But the other oddities of perception which does not seem to make sense is the way that D/L's are bandied about. Obviously, there is a good reason for L/D being based on waterline length. But over the period that I have been sailing, waterline length has gotten progressively longer relative to length on deck. I keep hearing people talk about the motion comfort of the good old boats with L/D's in the high 200's but in reality, modern boats are not all that much lighter for their lengths on deck. They just have longer water lines which make these boats appear to be much lighter when comparing L/D's. The real gotcha in that, is that if we compare two equal length on deck with equal displacements, all other things being approximately equal the boat with the longer waterline is likely to have the more comfortable motion. That of course also flies in the face of the beliefs rendered by the court of public opinion.

Any thoughts?

Jeff
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  #2656  
Old 12-05-2013
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Re: Pros and cons of steel sailboats

Quote:
Originally Posted by bobperry View Post
"Regarding heavy boats, boats with a Displacement/ Length Ratio over 300, they are not used anymore."

Paulo:
That is just not at all true. You are living in a vacuum. I have several designs that have full keels and D/L's around or even over 300. There are about 100 Baba 40's and they are all over. We must have half a dozen here in the PNW. We get at least three every year at the Perry Rendezvous. My pal raced his to Hawaii a few years back. They are very much used.

...
So when you say, "they are not used anymore" you could not be more wrong.

Maybe they go by you so fast that you don't even see them. They are all rockets.

...
That's my time to say: chill out Bob

My poor English has some responsibility but you have completely misunderstood what I wanted to say. I was talking about a Displacement/ Length Ratio over 300 not being used anymore in boat design. I was talking about boat design but I edited the post anyway to be more clear. Any other way would not make any sense.

Sure, all those boats are rockets but less rockets then modern designed boats for the same funtion

We can say that in what regards contemporary yacht design we can say that any cruising boat with 10 years is not at the state of the art and a racing boat in less time, about 5 years. What I said regards this.

I don't now of any relevant designer that had designed for any type of sailing in the last 10 years a boat with a Displacement/ Length Ratio over 300.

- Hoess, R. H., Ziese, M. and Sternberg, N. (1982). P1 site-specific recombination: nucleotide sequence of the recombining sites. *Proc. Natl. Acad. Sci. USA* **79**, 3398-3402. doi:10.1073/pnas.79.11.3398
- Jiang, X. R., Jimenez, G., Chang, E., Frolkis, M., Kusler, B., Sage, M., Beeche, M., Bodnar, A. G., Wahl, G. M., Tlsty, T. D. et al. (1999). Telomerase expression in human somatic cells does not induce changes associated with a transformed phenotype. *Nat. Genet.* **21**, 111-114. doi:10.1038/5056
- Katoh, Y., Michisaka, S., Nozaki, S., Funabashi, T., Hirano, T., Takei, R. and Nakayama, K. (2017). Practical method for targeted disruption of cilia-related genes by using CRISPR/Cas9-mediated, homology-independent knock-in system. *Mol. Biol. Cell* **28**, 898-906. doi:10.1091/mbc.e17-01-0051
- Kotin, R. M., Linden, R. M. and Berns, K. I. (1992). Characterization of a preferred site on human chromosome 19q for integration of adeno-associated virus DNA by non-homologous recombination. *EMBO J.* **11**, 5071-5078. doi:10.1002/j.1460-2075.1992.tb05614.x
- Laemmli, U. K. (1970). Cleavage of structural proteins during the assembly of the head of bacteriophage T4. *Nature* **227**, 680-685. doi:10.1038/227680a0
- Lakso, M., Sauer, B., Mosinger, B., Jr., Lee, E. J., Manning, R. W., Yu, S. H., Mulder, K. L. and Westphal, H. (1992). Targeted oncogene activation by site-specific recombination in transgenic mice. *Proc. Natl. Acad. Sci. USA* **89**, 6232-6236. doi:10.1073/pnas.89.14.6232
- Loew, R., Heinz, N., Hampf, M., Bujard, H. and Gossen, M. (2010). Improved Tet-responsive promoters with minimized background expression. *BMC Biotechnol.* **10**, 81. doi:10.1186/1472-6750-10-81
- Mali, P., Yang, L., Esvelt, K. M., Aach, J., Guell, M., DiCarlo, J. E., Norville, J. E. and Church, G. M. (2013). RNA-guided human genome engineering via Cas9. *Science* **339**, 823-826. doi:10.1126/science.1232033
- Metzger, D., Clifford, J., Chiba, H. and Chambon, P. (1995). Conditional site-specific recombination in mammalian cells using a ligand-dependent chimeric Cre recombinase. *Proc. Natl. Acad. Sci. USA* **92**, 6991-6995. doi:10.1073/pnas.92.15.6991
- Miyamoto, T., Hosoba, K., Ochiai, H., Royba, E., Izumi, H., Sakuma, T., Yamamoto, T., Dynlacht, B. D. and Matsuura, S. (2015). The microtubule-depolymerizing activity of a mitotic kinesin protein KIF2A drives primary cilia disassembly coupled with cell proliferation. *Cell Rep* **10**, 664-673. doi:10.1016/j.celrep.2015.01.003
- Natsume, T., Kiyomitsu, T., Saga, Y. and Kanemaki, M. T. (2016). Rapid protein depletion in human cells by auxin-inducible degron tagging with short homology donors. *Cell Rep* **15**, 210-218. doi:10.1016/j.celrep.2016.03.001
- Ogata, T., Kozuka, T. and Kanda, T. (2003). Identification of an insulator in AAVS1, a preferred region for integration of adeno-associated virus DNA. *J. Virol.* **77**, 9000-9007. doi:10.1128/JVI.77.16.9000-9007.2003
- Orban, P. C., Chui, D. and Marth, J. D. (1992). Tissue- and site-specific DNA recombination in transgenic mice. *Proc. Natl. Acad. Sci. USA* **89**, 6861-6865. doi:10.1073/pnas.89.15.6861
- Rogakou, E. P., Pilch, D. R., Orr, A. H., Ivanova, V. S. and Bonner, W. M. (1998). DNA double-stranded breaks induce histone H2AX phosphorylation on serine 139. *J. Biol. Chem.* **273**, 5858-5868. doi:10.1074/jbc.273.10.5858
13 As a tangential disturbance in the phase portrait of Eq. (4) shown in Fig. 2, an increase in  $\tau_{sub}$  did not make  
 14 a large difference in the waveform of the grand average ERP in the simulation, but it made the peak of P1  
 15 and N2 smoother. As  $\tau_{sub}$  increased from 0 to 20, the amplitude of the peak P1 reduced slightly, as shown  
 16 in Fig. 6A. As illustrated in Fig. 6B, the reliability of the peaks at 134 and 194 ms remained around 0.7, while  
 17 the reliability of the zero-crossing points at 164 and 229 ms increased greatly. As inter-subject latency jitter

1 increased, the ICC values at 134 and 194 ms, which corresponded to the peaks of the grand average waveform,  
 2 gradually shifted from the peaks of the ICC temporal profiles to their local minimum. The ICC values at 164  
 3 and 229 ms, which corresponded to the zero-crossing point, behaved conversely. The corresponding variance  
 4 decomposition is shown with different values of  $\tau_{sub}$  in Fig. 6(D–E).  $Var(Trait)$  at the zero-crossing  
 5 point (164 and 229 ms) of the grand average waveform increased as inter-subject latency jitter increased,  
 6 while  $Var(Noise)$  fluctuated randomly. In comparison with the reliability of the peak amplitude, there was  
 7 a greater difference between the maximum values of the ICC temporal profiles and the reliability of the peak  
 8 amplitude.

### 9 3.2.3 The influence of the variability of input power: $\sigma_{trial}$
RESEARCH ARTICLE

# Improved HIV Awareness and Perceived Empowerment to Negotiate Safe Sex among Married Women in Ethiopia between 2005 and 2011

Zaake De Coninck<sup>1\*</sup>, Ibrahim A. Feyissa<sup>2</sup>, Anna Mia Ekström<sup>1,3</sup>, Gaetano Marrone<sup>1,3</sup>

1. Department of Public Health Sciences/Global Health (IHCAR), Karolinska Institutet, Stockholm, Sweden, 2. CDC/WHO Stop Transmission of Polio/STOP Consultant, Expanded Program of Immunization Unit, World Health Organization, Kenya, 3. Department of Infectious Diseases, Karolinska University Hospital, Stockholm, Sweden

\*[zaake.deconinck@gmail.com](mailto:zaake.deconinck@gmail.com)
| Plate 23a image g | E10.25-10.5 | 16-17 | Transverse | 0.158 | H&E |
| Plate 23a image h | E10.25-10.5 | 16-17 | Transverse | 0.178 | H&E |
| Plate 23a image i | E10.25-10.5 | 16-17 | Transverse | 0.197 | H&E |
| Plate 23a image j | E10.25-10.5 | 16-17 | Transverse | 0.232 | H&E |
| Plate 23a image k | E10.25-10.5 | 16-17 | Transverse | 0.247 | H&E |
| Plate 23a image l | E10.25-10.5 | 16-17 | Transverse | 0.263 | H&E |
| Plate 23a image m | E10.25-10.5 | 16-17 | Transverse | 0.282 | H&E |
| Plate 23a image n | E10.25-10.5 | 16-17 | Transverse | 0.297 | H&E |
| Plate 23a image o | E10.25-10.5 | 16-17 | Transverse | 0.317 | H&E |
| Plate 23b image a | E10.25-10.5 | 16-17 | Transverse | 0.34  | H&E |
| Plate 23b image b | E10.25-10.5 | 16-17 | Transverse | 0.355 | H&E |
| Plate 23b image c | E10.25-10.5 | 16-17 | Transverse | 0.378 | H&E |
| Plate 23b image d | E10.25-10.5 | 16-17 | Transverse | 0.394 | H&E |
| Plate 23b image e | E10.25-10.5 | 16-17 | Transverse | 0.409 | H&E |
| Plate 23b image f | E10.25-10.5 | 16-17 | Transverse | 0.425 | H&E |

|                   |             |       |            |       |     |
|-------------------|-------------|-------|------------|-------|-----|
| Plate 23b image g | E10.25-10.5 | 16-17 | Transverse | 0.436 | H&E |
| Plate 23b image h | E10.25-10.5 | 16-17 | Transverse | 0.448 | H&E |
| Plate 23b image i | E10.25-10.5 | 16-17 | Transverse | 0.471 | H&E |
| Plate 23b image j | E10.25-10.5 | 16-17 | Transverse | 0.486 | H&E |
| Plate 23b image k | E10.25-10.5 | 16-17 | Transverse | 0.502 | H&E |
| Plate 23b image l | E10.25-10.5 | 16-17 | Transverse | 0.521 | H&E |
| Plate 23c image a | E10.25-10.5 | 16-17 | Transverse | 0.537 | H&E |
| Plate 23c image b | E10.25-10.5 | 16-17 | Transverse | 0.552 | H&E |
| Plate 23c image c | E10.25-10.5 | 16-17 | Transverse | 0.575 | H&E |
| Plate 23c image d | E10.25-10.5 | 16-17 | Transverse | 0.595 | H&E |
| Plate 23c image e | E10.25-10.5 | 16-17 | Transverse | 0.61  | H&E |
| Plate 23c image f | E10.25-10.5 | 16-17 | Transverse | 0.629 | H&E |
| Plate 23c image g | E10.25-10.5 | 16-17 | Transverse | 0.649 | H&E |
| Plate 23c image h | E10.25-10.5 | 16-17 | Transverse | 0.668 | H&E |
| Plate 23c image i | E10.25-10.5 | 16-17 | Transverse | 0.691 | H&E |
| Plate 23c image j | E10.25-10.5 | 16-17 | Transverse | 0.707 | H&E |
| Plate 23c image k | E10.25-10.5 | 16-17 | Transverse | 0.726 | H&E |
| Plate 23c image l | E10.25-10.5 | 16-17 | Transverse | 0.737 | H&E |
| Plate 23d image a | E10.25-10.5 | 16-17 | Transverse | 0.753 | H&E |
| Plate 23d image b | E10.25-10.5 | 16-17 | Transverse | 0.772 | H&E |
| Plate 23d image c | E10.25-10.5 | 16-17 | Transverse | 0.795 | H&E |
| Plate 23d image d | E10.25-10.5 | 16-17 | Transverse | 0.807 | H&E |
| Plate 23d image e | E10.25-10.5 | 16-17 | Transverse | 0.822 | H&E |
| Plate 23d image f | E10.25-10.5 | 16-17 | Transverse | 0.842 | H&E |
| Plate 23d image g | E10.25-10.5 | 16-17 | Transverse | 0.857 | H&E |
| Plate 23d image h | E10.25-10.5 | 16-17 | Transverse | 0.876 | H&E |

Do you have designed any of those on the last 10 years?

Regards

Paulo
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Last edited by PCP; 12-05-2013 at 05:33 PM.
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  #2657  
Old 12-05-2013
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Re: Pros and cons of steel sailboats

I think that the Displacement/Length ratio has nothing to do with the weight of a boat. It is an effective tool to compare 2 boats of the same type. But the boat with the lower D/L ratio is not necessarily lighter. There are cruising boats with D/L ratios under 100 that are very conservative and not super light racers, in fact not racers at all.
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Re: Pros and cons of steel sailboats

Quote:
Originally Posted by Jeff_H View Post
Bob,

As I read this, (and some of MikeJohns comments) there is a piece of this quote that I would like to comment on and hear both your's and Mike's thoughts. I know that I have stated my viewpoint on this on any number of occasions around here and its a position that Paulo perhaps would agree with as well.

I think that the terms " heavy boats" or "light boats" are somewhat misapplied in common usage. In my mind, these terms get applied in a manner that is shorthand for "heavy boats for their length" or "light boats for their length". My sense is that that partricular 'shorthand' sends the wrong message.

When I think about how 'big' a boat needs to be for any given owner, it starts with its stated purpose in terms of where and how the owner's plan to sail the boat, how many people are involved. That somewhat dictates the carrying capacity and the need for more or less robustness.

Once you get to a needed carrying capacity, and bearing in mind the need for more or less robustness, from there I would think its pretty easy to back into an approximate target displacement for that vessel fully loaded and from there its capacity empty.